Morgan Silver Dollars
The Morgan Silver Dollar is a treasured relic coveted by coin collectors who are in awe of its historical significance.
When you hold a Morgan in your hand, it’s like holding a piece of history.
When silver was discovered in the legendary Comstock Lode in Nevada, Congress passed the Bland-Allison Act of 1878. This legislation authorized the U.S. Treasury to buy significant amounts of this precious metal. As a result, Morgan Silver Dollars were made from .900 fine silver. Interestingly, Peace Silver Dollars had the same silver content and weight.
Six hundred fifty-seven million Morgan Dollars were struck in 96 different date and mint combinations over the 27 years of production from 1878 to 1904 and 1921.
George T. Morgan’s Dollar Design: What To Know
George T. Morgan designed one of the most famous coins in American history. In 1876, America’s silver dollar coinage was long overdue for a facelift, and Morgan was up to the task as the new assistant engraver at the Philadelphia Mint.
He had previous experience as a contract engraver at the Royal Mint in London before being recruited to the U.S. Mint by Director Henry Linderman. Morgan knew Linderman wanted the head of Liberty to be featured on the new silver dollar coin and set about to create the perfect design.
By early 1877, George T. Morgan had created a new design that would later be known as the Morgan Dollar. This coin featured Lady Liberty in profile (sporting a laurel in her hair) on the obverse. The reverse featured an eagle, an olive branch, and the words “One Dollar.”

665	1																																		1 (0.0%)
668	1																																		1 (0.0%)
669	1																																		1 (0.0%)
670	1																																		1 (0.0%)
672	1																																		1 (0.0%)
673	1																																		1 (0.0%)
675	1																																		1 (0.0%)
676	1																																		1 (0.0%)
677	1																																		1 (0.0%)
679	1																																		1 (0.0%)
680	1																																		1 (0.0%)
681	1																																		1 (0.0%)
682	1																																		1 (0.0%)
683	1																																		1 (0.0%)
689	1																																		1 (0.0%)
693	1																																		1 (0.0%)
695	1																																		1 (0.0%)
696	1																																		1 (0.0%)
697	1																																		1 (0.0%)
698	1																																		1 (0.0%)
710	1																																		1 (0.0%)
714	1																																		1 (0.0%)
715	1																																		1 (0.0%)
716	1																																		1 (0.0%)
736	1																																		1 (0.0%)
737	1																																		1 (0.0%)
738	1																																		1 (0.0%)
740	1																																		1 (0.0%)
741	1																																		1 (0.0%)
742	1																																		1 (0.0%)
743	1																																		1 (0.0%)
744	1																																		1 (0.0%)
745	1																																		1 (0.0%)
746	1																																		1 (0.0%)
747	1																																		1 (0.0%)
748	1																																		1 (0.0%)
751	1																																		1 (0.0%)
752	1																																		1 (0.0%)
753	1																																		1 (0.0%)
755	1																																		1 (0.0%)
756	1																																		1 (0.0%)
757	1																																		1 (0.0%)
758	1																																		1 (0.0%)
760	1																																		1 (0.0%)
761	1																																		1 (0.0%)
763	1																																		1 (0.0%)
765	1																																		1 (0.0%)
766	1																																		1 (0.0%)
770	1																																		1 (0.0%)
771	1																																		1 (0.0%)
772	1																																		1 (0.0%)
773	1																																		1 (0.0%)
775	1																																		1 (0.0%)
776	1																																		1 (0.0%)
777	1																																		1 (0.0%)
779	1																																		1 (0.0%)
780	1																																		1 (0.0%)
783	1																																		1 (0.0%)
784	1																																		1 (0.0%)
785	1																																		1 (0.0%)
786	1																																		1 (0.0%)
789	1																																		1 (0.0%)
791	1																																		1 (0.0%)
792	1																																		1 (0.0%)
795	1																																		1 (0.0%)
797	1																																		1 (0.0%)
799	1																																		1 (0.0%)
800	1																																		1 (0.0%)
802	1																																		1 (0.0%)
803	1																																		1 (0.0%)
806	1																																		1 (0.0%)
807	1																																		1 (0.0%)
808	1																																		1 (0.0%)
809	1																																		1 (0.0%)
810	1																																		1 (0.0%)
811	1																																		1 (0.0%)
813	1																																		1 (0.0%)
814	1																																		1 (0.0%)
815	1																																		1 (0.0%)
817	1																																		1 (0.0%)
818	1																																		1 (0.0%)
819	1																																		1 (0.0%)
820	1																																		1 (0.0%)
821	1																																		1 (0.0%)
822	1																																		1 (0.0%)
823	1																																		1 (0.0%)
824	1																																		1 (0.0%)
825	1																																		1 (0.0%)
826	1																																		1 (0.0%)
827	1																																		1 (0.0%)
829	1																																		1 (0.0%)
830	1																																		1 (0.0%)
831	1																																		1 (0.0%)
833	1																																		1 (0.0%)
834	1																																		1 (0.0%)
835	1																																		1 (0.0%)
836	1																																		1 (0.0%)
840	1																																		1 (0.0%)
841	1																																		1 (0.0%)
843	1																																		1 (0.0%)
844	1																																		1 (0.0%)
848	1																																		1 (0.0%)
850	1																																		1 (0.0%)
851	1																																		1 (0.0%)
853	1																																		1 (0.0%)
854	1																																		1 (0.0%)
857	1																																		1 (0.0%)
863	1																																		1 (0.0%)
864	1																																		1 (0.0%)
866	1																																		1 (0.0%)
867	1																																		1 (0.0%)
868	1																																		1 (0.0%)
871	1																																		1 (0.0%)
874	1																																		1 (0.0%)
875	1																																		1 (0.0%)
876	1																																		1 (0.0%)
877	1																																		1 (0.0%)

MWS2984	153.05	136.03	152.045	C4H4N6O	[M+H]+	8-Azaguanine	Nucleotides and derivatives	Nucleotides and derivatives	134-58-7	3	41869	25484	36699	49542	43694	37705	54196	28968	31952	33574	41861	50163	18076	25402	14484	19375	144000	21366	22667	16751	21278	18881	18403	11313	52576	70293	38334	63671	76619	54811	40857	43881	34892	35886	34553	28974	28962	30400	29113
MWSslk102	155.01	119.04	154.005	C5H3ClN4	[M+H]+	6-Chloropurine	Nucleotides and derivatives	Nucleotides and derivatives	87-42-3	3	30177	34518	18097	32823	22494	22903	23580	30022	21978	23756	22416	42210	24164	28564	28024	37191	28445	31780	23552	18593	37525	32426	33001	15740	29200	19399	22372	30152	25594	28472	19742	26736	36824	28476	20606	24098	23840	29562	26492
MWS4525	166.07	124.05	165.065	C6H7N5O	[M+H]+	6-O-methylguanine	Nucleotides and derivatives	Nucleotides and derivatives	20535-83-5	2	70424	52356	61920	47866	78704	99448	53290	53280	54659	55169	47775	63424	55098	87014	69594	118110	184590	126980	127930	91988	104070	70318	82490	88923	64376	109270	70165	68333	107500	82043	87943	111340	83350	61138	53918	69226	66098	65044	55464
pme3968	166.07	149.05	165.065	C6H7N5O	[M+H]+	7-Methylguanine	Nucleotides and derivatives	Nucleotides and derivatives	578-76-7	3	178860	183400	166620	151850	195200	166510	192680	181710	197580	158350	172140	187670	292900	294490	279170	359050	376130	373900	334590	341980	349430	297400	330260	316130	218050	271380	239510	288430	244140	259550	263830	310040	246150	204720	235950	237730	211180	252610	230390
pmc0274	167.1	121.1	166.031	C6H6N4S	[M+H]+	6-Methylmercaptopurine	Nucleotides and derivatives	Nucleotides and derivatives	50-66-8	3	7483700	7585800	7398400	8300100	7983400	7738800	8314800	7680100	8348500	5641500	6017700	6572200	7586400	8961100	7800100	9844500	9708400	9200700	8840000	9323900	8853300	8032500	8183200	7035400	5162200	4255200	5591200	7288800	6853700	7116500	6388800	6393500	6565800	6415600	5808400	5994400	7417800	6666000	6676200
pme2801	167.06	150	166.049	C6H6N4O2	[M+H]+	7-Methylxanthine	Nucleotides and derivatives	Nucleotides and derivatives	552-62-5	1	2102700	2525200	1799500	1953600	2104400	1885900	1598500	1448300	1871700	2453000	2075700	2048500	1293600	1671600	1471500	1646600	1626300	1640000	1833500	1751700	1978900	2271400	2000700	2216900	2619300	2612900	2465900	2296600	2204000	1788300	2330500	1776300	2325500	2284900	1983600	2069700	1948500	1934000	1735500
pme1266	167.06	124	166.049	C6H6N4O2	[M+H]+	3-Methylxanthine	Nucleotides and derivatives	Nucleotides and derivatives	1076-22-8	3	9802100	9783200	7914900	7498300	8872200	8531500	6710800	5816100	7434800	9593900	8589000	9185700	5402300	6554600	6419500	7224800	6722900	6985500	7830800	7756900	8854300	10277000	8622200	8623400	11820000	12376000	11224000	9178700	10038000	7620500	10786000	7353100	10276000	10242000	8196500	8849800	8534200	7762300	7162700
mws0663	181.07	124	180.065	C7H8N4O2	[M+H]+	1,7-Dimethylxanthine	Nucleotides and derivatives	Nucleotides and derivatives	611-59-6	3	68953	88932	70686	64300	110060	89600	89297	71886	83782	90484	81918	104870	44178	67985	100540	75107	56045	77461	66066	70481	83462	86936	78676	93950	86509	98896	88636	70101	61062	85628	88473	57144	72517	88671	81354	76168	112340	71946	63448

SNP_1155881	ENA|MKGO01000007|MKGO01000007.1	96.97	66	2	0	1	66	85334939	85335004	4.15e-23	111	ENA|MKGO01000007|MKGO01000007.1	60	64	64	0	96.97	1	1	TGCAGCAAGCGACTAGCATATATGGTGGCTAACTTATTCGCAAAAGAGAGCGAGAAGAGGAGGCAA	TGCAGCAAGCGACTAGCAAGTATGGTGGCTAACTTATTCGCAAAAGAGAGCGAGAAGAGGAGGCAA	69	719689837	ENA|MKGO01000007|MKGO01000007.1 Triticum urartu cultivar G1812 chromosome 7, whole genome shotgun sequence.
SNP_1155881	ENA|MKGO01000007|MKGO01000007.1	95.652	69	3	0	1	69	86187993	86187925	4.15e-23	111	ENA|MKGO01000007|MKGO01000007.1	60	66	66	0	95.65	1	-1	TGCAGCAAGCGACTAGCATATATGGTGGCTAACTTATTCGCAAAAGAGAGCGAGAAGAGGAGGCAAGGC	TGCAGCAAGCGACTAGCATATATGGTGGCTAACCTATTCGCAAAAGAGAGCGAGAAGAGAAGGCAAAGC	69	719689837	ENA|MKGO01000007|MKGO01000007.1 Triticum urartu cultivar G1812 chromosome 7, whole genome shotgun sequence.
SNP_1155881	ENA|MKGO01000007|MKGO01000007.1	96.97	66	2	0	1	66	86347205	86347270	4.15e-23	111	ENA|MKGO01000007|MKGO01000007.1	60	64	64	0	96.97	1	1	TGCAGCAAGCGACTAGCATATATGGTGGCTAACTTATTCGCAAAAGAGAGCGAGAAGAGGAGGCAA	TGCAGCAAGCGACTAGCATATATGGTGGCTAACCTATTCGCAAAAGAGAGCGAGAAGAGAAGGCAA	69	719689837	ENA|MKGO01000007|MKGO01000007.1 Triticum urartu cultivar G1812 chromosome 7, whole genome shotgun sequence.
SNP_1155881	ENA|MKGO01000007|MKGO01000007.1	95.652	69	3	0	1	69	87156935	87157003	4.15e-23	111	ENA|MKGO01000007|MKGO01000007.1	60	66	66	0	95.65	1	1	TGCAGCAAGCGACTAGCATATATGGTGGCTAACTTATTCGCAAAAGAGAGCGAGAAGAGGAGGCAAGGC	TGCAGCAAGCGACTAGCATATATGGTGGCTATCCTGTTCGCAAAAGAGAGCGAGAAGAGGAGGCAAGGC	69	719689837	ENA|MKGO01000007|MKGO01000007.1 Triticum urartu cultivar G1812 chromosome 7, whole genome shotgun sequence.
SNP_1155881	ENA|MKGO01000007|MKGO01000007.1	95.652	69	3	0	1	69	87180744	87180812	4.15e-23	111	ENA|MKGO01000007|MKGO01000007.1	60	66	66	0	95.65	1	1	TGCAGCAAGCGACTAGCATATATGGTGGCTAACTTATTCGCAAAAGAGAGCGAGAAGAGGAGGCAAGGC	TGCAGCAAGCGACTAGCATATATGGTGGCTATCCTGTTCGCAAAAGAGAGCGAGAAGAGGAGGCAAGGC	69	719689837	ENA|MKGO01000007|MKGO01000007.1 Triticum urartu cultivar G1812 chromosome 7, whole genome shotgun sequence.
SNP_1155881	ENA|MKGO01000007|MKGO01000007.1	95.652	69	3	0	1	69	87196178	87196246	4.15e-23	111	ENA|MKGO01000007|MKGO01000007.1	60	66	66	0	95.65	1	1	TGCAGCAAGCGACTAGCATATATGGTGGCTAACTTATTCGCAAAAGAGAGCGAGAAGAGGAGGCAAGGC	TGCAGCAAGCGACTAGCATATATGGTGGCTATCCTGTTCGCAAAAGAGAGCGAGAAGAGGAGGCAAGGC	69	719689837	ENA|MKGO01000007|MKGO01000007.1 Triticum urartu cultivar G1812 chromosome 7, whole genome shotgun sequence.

The image of the eagle features a beloved mistake — the original version showed eight tail feathers. However, later versions were amended to feature the more accurate seven tail feathers.
Morgan would later become the Chief Engraver at the U.S. Mint.
Where Was the Morgan Dollar Minted?
This silver coin was minted in a variety of locations, including:
• Carson City Mint, Nevada
• Denver Mint, Colorado
• San Francisco Mint, California
• Philadelphia, Pennsylvania
• New Orleans, Louisiana
For example, the CC Morgan Silver Dollar was made in Carson City. The rarest business strike version is the 1893-S Morgan Dollar Coin, made at the San Francisco Mint.
Despite being worth one U.S. dollar at the time, Morgan Silver Dollars far exceed that, especially if they have earned an Uncirculated grade.
Identifying the mint mark can help numismatists determine how much the coin is worth. However, for a more complete picture of worth, consult a grading agency like PCGS or the NGC.
Our Morgan Silver Dollar Listings
At Bullion Shark, we live and breathe coin collecting, including the Morgan Silver Dollar.
From classic commemorative coins to silver bullion, we know all things that come from the United States mint. Outside of U.S. coins, we offer an array of ancient, shipwrecked, and other world coins.
Discover a new piece to add to your collection today.